Some other words of the same root are מִנְהָגcustom or tradition (meen-HAHG),לִנְהוֹגto drive (leen-HOHG) and לְהַנְהִיגto lead (leh-hahn-HEEG).

Visit Ktzat Ivrit.

Self Esteem And Its Impact On Marriage

Thursday, December 6th, 2012

Self esteem is one of the most important factors influencing human behavior. Despite what some people believe, self esteem can be a critical issue in marriage, where unresolved identity issues from childhood can place unwanted stress on a relationship.

Low self esteem can be very painful and difficult to overcome. Our sense of self is something we come into the world with and it follows us through life like a shadow. If we lose it, we are lost. If we have we it, we can face all of our trials and tribulations and maintain our sense of satisfaction and emotional well-being. Most parents understand the role self esteem plays in childhood. When children grow up, we teach them how to take losses in stride and how to win and lose with grace. We teach children that it’s them, and not just their grades, that matter.

Once childhood passes, unresolved self esteem issues can last for a lifetime. For example, in marriages where one person suffers from low self esteem, both parties may feel that their spouse never properly fulfills their emotional needs. And, where both suffer from feelings of low self esteem, there may be perpetual disappointment in the relationship.

Expectations make this issue even more complex. Couples tend to enter marriage with the belief that any hurt they may have experienced in the past will be healed by their spouse. They may also hope that their spouse will somehow make them feel good about themselves and nurture their self image.

A couple once came to talk with me about difficulties they were having in their marriage. The issue burning in their minds was the negative behavior of their teenage son. The father found it difficult to parent his rebellious teenager with confidence, and the wife had given up hope in her children and in her marriage as well. Overall, they were both visibly angry at one another, withdrawn and disappointed in their relationship.

I sensed there was more hiding below the surface. The husband, it turned out, had lost his mother at a young age and was raised by his father, who was too preoccupied with their financial survival to pay much attention to his son’s emotional needs. The wife had also had a very difficult childhood. She grew up with a father who had a temper and would often yell at her without reason. Early on, she had learned how to adapt and “disappear” from the house when he was around.

Years later, these two individuals would continue their childhood patterns and be caught in an endless cycle of emotional turmoil. Here is how the self esteem issues spiraled out of control: whenever he sensed that his wife was not responsive to his emotional needs, he would start yelling at her. His wife, who was mistreated by her father and had learned how to avoid conflict, would physically and emotionally withdraw from him and try to hide. This would intensify his feelings of rejection and make him even angrier.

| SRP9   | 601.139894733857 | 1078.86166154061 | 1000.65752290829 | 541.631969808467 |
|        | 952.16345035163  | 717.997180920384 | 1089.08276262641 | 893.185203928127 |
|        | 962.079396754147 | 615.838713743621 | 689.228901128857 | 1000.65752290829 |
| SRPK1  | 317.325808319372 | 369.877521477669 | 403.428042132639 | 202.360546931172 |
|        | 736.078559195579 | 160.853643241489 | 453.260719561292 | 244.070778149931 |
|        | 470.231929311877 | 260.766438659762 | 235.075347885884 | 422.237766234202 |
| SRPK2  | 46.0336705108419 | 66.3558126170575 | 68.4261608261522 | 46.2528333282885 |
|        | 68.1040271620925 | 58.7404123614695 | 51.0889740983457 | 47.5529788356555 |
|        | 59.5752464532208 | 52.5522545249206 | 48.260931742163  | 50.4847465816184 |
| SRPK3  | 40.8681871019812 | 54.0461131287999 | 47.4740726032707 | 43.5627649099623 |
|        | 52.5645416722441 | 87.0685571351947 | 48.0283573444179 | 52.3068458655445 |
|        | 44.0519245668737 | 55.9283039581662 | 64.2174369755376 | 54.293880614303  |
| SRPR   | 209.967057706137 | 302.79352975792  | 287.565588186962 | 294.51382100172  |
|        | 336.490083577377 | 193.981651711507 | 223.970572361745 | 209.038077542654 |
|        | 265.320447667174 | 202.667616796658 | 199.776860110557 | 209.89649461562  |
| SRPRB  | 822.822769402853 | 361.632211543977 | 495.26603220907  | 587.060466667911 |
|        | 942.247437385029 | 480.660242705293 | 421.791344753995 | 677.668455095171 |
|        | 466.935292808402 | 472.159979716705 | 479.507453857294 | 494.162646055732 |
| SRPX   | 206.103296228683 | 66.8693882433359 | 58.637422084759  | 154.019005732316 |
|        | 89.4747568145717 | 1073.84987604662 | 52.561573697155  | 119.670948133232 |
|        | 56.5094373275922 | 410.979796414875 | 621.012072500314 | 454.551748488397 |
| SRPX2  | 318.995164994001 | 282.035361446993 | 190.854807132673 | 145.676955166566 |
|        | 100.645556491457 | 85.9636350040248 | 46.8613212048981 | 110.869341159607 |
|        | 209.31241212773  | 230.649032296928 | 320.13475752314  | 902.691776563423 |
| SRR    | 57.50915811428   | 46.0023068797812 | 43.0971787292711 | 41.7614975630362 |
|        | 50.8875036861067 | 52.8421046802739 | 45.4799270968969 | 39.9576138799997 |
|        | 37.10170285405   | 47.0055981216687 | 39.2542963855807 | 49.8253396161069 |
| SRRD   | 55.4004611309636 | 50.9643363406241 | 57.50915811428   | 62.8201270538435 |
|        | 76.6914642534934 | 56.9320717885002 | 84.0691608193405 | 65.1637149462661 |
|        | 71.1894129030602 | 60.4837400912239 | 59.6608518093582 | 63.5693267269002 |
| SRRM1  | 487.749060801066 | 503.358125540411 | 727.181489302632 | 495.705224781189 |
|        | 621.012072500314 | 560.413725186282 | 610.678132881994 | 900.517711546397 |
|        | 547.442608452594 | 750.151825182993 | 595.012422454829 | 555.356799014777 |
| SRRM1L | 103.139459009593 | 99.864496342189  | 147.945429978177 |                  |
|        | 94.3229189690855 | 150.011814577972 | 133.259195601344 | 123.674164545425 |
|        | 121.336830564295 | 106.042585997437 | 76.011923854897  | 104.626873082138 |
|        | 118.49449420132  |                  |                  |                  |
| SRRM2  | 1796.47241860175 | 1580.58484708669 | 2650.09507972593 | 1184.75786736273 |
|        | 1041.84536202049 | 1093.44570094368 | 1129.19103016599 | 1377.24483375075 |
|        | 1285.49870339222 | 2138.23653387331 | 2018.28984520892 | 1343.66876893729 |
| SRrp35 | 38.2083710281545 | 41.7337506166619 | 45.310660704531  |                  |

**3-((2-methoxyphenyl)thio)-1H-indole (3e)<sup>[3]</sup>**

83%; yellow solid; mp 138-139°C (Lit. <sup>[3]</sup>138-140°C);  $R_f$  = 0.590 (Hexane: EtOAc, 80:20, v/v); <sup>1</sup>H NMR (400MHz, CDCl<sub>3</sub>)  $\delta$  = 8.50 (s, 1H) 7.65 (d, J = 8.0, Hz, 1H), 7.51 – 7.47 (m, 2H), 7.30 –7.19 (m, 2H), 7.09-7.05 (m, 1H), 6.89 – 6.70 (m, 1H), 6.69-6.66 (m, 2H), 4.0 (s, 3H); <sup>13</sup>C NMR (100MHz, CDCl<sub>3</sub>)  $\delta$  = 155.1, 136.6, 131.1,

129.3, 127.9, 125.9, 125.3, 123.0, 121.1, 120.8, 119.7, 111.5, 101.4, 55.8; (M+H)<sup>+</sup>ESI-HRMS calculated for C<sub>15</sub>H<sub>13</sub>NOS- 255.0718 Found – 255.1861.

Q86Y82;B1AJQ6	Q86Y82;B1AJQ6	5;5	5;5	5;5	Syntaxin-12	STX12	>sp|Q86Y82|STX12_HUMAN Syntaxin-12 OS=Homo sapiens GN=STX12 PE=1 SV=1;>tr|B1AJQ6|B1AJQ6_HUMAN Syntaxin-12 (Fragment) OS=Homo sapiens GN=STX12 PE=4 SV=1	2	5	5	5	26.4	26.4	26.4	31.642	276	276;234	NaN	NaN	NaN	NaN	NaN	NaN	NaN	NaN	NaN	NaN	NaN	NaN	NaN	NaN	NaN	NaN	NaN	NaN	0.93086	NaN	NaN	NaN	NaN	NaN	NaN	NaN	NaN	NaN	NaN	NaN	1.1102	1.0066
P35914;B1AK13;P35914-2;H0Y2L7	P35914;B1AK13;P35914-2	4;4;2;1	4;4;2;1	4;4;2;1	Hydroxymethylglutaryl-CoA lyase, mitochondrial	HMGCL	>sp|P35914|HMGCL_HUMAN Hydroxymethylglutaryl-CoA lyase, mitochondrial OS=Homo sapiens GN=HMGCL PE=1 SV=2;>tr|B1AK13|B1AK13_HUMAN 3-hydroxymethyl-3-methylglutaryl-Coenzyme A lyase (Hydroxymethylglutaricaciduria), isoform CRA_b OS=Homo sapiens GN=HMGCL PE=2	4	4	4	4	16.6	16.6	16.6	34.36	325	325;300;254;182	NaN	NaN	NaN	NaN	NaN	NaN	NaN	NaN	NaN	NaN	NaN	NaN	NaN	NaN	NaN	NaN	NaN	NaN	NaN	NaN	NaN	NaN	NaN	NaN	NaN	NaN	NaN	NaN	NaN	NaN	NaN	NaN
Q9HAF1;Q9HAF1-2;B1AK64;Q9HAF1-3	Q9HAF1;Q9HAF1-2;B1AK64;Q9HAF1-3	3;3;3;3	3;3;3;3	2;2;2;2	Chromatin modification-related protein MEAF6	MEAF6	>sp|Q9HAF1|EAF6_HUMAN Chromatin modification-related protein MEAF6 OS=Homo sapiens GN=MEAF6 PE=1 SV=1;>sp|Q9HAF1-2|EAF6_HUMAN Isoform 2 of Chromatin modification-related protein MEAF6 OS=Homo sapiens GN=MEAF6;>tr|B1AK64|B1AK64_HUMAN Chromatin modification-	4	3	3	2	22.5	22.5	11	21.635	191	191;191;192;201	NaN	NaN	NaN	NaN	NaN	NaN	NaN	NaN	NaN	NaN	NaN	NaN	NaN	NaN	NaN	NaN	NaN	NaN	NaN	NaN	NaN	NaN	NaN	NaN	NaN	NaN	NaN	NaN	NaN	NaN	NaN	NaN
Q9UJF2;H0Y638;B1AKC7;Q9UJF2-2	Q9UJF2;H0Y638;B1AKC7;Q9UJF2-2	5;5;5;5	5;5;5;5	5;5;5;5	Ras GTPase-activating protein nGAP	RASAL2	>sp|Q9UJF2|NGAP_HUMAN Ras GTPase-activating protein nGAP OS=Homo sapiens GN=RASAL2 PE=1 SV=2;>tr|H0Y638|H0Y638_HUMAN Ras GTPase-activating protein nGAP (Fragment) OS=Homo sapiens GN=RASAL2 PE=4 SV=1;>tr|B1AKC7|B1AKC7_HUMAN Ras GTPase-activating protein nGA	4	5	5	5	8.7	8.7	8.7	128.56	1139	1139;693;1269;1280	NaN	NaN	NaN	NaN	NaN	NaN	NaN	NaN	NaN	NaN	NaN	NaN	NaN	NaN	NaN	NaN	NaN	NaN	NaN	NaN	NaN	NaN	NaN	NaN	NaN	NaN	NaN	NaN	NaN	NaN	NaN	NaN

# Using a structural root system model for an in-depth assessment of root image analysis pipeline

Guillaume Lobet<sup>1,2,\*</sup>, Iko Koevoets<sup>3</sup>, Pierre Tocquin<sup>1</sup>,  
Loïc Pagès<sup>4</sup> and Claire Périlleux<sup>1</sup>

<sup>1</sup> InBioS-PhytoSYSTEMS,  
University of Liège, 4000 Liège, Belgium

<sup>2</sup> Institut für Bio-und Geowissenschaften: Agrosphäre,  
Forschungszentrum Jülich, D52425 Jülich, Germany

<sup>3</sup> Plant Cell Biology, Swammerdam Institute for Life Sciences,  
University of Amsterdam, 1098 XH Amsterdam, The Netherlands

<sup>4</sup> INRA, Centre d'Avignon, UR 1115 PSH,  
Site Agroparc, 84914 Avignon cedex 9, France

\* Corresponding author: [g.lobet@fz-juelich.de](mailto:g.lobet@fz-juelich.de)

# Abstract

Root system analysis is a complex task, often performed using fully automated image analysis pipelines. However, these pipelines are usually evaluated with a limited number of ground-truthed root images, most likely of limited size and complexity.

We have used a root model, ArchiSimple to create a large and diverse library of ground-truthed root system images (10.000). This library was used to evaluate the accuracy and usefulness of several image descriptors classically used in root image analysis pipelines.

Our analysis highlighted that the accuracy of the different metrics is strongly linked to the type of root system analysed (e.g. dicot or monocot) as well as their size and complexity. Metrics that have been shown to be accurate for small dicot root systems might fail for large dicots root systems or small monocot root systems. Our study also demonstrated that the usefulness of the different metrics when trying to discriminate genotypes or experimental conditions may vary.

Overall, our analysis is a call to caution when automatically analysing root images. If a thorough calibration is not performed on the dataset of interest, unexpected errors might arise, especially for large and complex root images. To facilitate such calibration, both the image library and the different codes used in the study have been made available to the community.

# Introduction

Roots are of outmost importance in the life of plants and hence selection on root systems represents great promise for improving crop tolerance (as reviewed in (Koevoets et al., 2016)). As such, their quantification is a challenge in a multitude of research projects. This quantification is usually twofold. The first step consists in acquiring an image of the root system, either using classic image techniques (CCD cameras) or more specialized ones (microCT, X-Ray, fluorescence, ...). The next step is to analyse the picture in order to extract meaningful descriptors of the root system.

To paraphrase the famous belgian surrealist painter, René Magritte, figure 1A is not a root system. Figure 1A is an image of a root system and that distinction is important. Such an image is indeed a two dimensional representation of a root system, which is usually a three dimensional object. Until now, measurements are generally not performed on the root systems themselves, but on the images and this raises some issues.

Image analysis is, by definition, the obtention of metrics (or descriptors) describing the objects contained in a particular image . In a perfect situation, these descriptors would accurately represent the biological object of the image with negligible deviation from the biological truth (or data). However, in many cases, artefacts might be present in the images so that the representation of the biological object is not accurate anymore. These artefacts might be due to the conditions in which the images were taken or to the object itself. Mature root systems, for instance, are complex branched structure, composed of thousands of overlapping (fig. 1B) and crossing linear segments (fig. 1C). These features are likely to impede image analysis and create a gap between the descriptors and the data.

To break the cycle, I suggested that both work on their self esteem. They could begin by exploring how their childhood traumas were now influencing their present-day behavior. Through becoming aware of these inner issues, they would be better equipped to respond to their deeper emotional wounds and start healing their feelings of rejection and neglect.

Here is a list of childhood family issues that may be interrupting your ability to have a happy marriage as an adult:

* Divorce
* Learning disabilities
* Lack of friendships
* Illness
* Physical or emotional abuse
* A sick parent
* A death in the family

Children who are exposed to conflict at home (which tends to coincide with a negative and hostile relationship between the parents) are more at risk for aggression, internalizing by withdrawing, depressive symptoms, and feelings of low self esteem.

Also, an adult who lost a parent when he or she was a child may feel a sense of loss that can carry on for a lifetime. Losing someone at a young age can diminish self-confidence, create feelings of despair, and leave individuals with feelings of anxiety and uncertainty.

Part of the healing process is to become aware of these inner issues and to begin discussing them with one’s spouse. Talking about them in an honest and open way can help them become aware of each other’s feelings of abandonment. Here are some tips on how to nourish each other’s level of self esteem:

Rivlin: Knesset Must Regulate Politicians’ Ability to Switch Parties

Thursday, December 6th, 2012

Speaker of the Knesset Reuven Rivlin (Likud) criticized the practice of switching between parties by various Members of Knesset and Knesset candidates , calling on the next Knesset to regulate such behavior, Israel’s Channel 10 website reported.

“We need to ask ourselves what is transpiring in our political culture,” Rivlin said. “To my regret, what was in the past an exception, has in recent days become routine and accepted behavior.”

“The next Knesset must answer to the constitutional and democratic question: can a candidate that competed in the primaries of one party join soon after in another party?”

The latest candidate to switch parties was former Labor Chairman Amir Peretz who just resigned from Labor and will be joining Tzipi Livni’s party, “The Movement,” as the second candidate on that party’s list after Livni herself.

Peretz claims that one of the reasons for his leaving the Labor party was that its new chairman, Shelly Yachamovitch has not publicly ruled out the possibility of joining a government with Benjamin Netanyahu.

Many members of Kadima have either resigned or have also left their party for Livni’s new party in recent days.

In the Israeli political system, to be elected to the Knesset a candidate must win a secure spot in a party slate or start a new party himself.  Running with a party on a spot below the number of seats polls show that party will receive is political suicide.